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Draghi, Juncker Hold 'Constructive Talks" on European Economy

FILE - Incoming president of the European Commission Jean-Claude Juncker answers journalists questions during a press briefing in Strasbourg, July 15, 2014.
FILE - Incoming president of the European Commission Jean-Claude Juncker answers journalists questions during a press briefing in Strasbourg, July 15, 2014.

European Central Bank President Mario Draghi held talks with incoming European Commission chief Jean-Claude Juncker on Wednesday, against the backdrop of a debate among euro zone policymakers about their fiscal rules.

"It was a constructive exchange of views on the current state of the European economy,'' an ECB spokesman said after the meeting in Luxembourg.

Italian Prime Minister Matteo Renzi has been leading calls to move from austerity to looser EU budget rules. His country holds the EU's rotating presidency for the second half of this year and is trying to secure influence over the new European Commission, to be led by Juncker.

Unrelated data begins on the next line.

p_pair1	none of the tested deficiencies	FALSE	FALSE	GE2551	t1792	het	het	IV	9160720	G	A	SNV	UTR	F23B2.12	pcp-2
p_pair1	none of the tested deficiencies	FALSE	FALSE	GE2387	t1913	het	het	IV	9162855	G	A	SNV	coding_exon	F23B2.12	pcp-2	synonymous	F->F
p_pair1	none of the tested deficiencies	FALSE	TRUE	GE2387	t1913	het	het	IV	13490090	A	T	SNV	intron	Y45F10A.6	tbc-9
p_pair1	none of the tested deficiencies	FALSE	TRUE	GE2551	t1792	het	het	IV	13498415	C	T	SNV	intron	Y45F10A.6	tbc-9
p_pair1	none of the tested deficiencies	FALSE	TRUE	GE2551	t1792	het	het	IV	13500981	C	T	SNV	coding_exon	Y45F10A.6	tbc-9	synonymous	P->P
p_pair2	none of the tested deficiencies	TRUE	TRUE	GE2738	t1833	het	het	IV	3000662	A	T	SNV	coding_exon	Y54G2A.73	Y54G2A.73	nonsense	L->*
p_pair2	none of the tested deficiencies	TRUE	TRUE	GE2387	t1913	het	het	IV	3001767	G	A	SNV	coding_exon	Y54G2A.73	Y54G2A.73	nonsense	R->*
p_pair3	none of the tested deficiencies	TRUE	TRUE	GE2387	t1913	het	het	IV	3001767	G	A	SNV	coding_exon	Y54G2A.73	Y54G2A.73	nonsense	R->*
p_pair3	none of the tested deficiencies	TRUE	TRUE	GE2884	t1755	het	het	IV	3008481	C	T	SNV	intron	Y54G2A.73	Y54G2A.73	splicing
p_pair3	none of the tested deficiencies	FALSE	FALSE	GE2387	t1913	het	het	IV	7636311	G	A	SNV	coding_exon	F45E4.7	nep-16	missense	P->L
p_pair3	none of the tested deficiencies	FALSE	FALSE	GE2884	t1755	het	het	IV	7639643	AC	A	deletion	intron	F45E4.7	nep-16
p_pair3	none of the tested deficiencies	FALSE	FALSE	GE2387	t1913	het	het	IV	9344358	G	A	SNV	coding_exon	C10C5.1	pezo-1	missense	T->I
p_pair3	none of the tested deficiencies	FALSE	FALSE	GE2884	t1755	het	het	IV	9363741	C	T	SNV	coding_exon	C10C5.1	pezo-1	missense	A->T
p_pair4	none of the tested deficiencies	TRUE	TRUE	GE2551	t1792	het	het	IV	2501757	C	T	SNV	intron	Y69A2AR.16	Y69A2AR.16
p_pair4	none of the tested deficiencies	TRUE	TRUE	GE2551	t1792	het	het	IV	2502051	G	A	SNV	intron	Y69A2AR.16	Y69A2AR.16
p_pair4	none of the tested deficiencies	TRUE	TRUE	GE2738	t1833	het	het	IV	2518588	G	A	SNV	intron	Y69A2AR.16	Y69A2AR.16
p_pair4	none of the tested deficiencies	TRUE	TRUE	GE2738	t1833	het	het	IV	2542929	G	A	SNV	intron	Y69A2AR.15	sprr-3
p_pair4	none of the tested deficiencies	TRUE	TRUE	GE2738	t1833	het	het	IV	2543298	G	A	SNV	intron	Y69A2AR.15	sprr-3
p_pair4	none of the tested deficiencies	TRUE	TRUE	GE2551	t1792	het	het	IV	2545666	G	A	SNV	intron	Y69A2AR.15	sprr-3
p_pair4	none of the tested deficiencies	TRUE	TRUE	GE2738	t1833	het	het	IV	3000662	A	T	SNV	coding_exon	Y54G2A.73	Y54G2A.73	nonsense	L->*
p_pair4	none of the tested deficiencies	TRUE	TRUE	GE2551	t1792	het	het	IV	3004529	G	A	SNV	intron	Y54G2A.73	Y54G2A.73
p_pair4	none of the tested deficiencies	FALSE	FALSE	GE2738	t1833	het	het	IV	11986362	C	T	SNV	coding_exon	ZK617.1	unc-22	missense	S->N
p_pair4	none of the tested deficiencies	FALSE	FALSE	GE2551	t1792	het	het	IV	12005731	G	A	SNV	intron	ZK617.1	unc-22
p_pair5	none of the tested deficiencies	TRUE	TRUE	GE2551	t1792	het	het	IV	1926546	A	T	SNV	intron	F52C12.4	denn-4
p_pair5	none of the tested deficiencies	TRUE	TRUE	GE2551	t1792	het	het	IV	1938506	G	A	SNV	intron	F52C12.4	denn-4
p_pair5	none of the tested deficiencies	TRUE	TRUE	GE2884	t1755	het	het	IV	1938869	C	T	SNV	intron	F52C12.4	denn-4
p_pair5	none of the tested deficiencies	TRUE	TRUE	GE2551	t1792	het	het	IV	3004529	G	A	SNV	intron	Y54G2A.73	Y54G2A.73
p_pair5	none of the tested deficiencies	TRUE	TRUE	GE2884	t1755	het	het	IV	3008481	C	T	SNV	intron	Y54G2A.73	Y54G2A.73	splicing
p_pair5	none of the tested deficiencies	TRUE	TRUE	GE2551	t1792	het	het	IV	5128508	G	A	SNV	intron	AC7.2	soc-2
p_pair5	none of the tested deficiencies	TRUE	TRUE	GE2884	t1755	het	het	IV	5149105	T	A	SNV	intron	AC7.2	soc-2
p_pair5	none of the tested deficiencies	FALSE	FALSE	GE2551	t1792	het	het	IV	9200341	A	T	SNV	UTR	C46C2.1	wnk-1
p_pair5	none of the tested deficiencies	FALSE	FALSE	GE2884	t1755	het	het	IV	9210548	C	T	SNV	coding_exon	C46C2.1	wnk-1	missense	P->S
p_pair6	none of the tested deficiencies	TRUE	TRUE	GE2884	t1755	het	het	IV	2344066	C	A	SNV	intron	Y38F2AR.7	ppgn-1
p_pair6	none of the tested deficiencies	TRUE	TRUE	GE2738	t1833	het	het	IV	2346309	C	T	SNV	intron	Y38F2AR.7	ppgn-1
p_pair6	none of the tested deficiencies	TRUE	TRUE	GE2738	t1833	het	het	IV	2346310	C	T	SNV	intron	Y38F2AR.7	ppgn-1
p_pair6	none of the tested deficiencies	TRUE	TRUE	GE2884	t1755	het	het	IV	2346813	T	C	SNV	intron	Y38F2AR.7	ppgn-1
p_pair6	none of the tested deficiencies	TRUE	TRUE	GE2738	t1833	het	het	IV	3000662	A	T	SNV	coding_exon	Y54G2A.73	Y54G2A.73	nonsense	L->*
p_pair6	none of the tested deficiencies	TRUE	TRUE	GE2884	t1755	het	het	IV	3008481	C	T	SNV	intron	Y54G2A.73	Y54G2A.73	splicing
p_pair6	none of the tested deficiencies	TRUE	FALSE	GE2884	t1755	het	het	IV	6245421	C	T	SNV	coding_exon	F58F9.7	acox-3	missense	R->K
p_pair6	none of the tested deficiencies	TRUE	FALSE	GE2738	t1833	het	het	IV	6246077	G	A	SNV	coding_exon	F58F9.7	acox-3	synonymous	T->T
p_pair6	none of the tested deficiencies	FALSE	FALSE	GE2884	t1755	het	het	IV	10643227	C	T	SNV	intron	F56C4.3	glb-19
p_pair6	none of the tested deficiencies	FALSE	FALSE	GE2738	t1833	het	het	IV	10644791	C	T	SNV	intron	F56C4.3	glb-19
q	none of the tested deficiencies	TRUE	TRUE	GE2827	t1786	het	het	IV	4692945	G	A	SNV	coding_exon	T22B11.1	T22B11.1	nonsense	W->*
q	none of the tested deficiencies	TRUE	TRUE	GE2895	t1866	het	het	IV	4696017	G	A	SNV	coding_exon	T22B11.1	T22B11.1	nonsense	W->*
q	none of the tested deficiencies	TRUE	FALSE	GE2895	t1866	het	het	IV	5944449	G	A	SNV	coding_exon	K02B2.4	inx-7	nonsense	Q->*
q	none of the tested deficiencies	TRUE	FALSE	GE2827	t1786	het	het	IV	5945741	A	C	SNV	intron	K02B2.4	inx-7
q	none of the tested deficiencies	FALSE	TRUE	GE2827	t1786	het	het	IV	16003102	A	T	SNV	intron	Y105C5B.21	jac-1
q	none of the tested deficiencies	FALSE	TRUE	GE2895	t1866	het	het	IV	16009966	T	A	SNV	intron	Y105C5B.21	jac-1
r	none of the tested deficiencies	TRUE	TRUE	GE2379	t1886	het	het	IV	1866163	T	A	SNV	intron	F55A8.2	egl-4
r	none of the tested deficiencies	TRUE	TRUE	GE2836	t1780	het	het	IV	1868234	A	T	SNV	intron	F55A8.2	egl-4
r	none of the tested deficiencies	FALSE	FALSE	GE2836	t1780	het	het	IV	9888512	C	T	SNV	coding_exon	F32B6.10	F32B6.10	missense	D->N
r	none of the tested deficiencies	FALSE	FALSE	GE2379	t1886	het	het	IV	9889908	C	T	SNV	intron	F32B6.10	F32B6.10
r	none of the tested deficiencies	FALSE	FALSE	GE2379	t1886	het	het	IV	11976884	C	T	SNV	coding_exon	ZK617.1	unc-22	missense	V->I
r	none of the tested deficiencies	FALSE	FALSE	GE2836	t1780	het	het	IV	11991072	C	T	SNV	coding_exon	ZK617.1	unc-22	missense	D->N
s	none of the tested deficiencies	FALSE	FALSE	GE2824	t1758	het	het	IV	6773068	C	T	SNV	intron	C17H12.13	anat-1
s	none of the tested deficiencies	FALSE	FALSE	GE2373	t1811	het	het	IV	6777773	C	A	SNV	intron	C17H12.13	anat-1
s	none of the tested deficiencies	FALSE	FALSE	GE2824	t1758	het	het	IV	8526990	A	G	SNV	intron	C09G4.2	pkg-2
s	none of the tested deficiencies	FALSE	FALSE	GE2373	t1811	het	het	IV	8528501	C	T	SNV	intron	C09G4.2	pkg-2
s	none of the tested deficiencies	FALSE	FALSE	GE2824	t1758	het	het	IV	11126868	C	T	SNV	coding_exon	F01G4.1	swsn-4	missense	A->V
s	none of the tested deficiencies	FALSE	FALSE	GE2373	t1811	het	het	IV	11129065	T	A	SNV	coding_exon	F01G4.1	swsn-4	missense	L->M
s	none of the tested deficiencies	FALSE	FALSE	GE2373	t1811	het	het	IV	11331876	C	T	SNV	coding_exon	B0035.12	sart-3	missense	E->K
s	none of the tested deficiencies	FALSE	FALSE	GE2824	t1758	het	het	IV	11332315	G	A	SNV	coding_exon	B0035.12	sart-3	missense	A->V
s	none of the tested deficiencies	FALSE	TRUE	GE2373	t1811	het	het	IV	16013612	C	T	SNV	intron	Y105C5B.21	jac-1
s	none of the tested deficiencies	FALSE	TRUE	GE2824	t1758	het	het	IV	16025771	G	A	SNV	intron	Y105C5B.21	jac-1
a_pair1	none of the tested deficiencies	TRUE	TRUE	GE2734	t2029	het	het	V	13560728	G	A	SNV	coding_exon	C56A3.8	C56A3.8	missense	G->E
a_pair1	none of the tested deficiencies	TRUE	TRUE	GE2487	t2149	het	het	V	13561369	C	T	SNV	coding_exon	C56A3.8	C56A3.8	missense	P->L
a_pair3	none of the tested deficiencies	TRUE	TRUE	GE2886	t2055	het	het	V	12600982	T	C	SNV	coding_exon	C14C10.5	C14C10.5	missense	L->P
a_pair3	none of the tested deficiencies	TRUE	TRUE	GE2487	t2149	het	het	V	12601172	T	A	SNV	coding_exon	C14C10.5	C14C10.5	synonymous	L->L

Draghi, who brought the euro zone back from the brink of break-up in 2012 with his pledge to do "whatever it takes'' to save the euro, has called on countries to respect the EU's Fiscal Compact on reducing public debt.

In a speech in London last month, the ECB president appeared to push back against Renzi's calls for flexibility, arguing that fiscal rules should not be viewed as a "painful accounting exercise.''

Juncker and Draghi met as ECB Governing Council members gathered in Frankfurt.

The ECB council is expected to leave interest rates on hold when it meets on Thursday, waiting to assess the impact of new stimulus it is launching next month and that it hopes will lift inflation off rock-bottom levels.

Ahead of the meeting, French President Francois Hollande said the ECB and EU economic powerhouse Germany must do more to boost growth and fight a "real deflationary risk'' in Europe.

The French government has started warning that it might be difficult to meet an EU deadline to bring its public deficit under 3 percent of economic output next year, but Hollande told newspaper Le Monde: "We are not asking for any leniency from Germany but we are asking it to do more to boost growth.''

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